Check out Deep Ellum Radio’s new studio

An interior of a large space with signage

Deep Ellum Radio has a new home at the Deep Ellum Community Center. Photo: Jessica Waffles

Deep Ellum Radio has found a new home for their official recording studio at the Deep Ellum Community Center, which opened last September on Elm Street. The grand opening for the studio featured acoustic sets by local musicians Cameron Taylor, Micah Creel and Paco Estrada last Saturday – all musicians who had previously been part of the “Acoustic Chaos” events held by Deep Ellum Radio in the early days.

Founded in 2010, Deep Ellum Radio, a non-profit run by volunteers, has always been a labor of love.

Kim (Keebler) Owens started the project with co-founder Chad Lovell, musician (Course of Empire) and audio engineer. Lovell couldn’t be at the event Saturday due to medical issues stemming from a 2019 accident. He was missed by all who knew his deep ties to the project, and every person who spoke acknowledged him.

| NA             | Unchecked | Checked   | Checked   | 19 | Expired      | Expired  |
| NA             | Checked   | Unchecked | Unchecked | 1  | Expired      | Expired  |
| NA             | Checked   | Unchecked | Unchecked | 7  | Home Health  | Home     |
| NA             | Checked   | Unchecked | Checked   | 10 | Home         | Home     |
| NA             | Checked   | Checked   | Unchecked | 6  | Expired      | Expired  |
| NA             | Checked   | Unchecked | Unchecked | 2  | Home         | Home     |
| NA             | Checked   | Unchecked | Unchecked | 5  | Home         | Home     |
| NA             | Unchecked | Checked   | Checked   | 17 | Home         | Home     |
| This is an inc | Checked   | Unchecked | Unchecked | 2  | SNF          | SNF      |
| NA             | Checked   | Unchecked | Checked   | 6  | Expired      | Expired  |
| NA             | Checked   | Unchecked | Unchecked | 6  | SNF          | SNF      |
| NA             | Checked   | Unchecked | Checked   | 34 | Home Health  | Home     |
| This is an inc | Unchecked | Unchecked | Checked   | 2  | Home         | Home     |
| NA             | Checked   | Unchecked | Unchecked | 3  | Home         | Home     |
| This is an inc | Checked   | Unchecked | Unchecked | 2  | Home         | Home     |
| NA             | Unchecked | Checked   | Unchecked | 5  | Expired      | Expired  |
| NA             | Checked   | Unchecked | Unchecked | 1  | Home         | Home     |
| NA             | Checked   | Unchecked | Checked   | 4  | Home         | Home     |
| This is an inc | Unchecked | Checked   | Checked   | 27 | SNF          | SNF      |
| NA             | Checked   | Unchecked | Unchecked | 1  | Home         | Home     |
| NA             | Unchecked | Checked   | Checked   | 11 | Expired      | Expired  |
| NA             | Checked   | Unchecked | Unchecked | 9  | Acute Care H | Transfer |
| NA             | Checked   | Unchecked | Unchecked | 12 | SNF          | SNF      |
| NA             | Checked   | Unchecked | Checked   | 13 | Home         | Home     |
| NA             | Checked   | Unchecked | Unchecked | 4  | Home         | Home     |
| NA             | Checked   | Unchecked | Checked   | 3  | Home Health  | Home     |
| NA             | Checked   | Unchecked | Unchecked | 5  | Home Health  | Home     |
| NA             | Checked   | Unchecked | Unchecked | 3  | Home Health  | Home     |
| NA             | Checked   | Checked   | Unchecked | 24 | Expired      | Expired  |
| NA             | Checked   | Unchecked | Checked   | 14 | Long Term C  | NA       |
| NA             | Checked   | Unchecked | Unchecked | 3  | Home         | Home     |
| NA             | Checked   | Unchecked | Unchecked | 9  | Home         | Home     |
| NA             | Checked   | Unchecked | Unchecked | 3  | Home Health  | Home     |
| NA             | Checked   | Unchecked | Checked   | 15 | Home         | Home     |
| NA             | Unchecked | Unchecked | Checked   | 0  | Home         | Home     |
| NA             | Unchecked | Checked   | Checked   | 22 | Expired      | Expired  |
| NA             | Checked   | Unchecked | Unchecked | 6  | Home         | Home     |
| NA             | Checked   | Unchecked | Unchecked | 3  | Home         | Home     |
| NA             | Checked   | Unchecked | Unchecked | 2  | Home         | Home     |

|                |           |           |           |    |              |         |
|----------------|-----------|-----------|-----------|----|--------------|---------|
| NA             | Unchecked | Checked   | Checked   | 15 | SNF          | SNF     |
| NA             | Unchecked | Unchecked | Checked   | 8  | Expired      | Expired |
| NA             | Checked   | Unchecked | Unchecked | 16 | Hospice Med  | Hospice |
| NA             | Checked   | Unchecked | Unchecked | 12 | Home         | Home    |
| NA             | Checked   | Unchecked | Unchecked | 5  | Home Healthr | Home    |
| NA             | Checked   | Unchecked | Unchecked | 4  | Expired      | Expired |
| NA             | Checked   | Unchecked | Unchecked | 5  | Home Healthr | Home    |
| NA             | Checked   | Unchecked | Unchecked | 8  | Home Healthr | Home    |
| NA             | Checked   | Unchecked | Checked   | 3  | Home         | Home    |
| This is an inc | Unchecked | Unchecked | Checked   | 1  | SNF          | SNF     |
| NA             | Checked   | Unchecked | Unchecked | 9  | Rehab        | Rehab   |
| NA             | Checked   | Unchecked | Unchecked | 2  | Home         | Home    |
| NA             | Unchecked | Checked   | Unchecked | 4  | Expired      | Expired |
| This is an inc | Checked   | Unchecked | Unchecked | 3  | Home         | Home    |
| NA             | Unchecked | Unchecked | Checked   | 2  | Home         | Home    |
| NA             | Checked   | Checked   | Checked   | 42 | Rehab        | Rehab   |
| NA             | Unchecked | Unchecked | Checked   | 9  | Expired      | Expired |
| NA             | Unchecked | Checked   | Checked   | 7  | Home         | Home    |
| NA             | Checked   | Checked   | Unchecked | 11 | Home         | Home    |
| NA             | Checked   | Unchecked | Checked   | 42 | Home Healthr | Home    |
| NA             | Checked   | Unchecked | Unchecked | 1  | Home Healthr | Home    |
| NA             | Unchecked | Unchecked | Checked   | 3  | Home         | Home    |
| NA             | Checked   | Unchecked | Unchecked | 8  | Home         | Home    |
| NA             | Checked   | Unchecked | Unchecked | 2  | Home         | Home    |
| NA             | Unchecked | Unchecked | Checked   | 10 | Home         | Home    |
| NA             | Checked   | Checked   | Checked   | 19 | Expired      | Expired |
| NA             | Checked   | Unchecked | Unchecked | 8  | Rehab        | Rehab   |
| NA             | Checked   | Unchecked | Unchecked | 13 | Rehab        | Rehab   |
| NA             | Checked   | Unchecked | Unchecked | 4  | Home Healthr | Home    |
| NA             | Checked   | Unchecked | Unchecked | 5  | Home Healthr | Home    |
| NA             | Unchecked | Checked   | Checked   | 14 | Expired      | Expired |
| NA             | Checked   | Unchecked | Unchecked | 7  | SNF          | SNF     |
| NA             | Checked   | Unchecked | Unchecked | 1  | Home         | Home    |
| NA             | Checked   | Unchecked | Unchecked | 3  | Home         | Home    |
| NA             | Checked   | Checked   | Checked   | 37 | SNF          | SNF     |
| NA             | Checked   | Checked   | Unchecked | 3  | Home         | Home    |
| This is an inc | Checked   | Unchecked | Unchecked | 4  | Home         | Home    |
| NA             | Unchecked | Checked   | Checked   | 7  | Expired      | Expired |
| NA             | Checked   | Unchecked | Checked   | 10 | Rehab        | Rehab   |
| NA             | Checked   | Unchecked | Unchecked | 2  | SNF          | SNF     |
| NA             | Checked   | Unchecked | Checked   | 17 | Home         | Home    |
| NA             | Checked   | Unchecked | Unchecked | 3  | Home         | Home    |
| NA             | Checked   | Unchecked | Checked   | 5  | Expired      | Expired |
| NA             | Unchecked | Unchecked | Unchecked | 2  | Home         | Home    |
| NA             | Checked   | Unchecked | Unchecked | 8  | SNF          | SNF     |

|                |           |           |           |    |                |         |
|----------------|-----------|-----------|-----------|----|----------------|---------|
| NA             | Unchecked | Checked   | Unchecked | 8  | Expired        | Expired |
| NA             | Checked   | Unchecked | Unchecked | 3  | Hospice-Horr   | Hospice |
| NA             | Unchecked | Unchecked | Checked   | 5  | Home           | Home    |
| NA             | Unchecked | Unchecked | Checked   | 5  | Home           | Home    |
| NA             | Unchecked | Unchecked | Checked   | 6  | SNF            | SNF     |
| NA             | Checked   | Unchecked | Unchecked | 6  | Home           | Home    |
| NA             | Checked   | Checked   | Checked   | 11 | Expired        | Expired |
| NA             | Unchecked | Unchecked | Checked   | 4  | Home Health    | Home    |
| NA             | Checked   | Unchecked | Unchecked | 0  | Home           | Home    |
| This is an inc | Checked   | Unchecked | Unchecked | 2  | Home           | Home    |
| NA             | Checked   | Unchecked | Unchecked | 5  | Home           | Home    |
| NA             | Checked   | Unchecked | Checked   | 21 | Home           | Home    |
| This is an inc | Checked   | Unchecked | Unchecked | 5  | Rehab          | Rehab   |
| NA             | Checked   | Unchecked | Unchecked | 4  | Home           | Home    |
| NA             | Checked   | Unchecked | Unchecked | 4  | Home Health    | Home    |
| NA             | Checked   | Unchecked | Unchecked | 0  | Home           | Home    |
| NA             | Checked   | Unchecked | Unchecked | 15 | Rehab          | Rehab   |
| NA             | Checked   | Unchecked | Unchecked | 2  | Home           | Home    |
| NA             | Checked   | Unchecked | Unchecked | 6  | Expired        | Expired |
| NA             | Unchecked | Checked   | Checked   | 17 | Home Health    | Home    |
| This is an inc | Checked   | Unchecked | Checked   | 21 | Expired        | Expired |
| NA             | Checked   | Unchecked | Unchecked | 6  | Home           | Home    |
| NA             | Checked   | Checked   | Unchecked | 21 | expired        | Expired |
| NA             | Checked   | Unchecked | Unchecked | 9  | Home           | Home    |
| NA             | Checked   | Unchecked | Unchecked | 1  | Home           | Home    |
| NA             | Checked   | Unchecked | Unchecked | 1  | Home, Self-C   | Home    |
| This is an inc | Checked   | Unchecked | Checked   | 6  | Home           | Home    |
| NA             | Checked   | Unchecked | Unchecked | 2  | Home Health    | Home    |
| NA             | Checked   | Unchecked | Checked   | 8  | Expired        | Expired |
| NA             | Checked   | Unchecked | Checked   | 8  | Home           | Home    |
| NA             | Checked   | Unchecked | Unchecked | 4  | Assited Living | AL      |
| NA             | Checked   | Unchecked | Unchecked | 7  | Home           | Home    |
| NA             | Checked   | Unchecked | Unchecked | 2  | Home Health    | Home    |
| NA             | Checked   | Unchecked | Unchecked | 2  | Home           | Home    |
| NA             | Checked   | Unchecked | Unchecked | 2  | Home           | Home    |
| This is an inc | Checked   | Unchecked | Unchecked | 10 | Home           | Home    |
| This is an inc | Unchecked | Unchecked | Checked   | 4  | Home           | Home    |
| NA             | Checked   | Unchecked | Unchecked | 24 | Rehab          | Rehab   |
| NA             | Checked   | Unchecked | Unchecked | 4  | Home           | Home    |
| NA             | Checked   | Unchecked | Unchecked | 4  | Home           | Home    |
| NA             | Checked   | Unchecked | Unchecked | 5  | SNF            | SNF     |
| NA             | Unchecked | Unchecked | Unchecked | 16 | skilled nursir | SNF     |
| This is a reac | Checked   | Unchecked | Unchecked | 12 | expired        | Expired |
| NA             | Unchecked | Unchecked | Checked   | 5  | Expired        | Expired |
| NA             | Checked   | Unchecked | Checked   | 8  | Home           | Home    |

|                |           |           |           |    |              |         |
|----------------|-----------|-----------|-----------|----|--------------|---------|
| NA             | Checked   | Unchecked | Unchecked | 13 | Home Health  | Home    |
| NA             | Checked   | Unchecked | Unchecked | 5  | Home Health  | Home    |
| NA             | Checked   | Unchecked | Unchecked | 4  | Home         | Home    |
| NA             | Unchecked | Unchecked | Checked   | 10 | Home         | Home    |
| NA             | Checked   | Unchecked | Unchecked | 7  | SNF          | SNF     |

People in a large room watching a musician

Cameron Taylor opened the performances at the Deep Ellum Radio Studio grand opening event. Photo: Jessica Waffles

A sign on a door that says "deep ellum radio, Chad Lovell Radio Studio"

The new Deep Ellum Radio studio is dedicated to Chad Lovell, a co-founder of DER. Photo: Jessica Waffles

Three people standing inside a recording room

(left to right) Chris Mueller, Breonny Lee and Brandon Keebler inside the new Deep Ellum Radio recording studio. Photo: Jessica Waffles